The UAE’s Central Bank (CBUAE) has announced the completion of “the world’s largest pilot” of central bank digital currency (CBDC) in collaboration with the central banks of four countries. Central banks from Thailand, Hong Kong, and China, with more than 20 commercial banks from these countries, took part in the pilot, recording over $21 million in transactions during the experiment.
The multinational CBDC pilot was part of Project mBridge, which saw the participation of central banks from Thailand, Hong Kong, and China, according to a Reuters report. More than 20 commercial banks from these countries took part in the pilot, recording over $21 million in transactions over the six-week experiment period.
“The project mBridge demonstrated faster, cost-effective and secure cross-border monetary settlements using central bank money, identified as a G20 economic priority,” the CBUAE said in a statement.
Aside from improving cross-border payments, CBUAE’s governor Khaled Mohamed Balama noted that the pilot was also targeted at the local financial sector enhancement. This indicated that the move will “support UAE competitiveness, diversity and growth of the financial sector in line with future economic trends,” he stated.
Developing a potential cross-border CBDC, the UAE is also embracing virtual currencies and hopes to transform itself into the leading hub for digital assets. UAE’s government recently noted that it was in talks with several digital asset firms to potentially set up their operations in the country.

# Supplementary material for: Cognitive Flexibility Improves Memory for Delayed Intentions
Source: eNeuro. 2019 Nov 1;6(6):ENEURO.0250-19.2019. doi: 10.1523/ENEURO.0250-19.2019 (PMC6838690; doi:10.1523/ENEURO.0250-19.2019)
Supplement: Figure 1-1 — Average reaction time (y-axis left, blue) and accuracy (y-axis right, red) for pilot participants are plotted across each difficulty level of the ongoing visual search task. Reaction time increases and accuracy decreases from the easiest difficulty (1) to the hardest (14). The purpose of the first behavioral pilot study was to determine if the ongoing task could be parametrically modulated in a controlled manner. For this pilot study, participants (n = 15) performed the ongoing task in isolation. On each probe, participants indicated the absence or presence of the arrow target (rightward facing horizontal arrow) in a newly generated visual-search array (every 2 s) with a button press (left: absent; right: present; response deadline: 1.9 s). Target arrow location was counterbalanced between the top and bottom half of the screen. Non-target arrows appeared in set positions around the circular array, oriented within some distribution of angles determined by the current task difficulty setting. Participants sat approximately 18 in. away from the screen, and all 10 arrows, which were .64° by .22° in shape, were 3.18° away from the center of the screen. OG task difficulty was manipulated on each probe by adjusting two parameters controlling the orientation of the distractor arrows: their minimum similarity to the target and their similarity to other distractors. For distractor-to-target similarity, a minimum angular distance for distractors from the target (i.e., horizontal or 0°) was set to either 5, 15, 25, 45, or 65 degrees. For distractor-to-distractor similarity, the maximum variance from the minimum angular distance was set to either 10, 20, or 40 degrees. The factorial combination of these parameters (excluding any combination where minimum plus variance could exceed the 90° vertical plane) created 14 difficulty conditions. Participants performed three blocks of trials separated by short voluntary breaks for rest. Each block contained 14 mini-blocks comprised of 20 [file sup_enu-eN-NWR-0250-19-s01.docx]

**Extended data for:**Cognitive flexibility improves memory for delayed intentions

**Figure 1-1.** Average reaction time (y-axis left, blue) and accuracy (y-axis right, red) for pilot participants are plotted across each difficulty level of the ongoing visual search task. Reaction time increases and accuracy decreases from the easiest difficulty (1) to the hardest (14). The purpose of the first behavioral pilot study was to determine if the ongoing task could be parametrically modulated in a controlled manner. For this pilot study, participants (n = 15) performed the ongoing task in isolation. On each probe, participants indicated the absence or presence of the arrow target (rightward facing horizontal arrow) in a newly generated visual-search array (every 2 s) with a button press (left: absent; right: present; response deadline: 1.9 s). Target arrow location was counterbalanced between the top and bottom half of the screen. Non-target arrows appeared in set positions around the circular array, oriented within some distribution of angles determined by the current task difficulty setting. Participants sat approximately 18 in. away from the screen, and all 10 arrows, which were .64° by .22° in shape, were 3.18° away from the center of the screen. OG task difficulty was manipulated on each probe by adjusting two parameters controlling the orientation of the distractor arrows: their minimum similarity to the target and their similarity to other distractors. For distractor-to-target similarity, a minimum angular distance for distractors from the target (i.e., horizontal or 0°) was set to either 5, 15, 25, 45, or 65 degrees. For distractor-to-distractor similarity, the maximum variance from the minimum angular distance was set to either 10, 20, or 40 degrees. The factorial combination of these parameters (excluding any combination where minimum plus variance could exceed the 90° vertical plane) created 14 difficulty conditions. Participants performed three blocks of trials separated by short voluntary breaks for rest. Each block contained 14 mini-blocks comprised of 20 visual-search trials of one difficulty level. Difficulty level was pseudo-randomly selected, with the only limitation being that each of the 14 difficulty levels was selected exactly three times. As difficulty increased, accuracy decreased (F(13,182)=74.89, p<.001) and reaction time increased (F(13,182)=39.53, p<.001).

Local governments in UAE’s regions are not leaving all the work to the central government, with the Emirate of Dubai attracting global industry firms like Binance and Crypto.com. Dubai has also made a strong play for the metaverse by announcing that it was targeting 40,000 jobs in the metaverse by 2030, while the UAE opened a branch of the Ministry of Economy in the metaverse.
The mCBDC project was put together by the Bank for International Settlements (BIS) Innovation Hub in Hong Kong. An official report highlights the potential it has for the future of CBDCs. The report noted the rationale for cross-border CBDCs, noting that the frictions involved could cost users up to $120 billion in transaction fees annually and that “emerging markets tend to bear the brunt of the friction.”
“The solution uses a custom shared permissioned blockchain, which it boasts was developed by central banks for central banks,” the report said.
Moreover, privacy concerns over the use of the mCBDCs were whittled down over the permissioned nature of the decentralized ledger, allowing participating commercial banks to view their own transactions. The report added that zero-knowledge proof is being considered as an added security layer to improve privacy.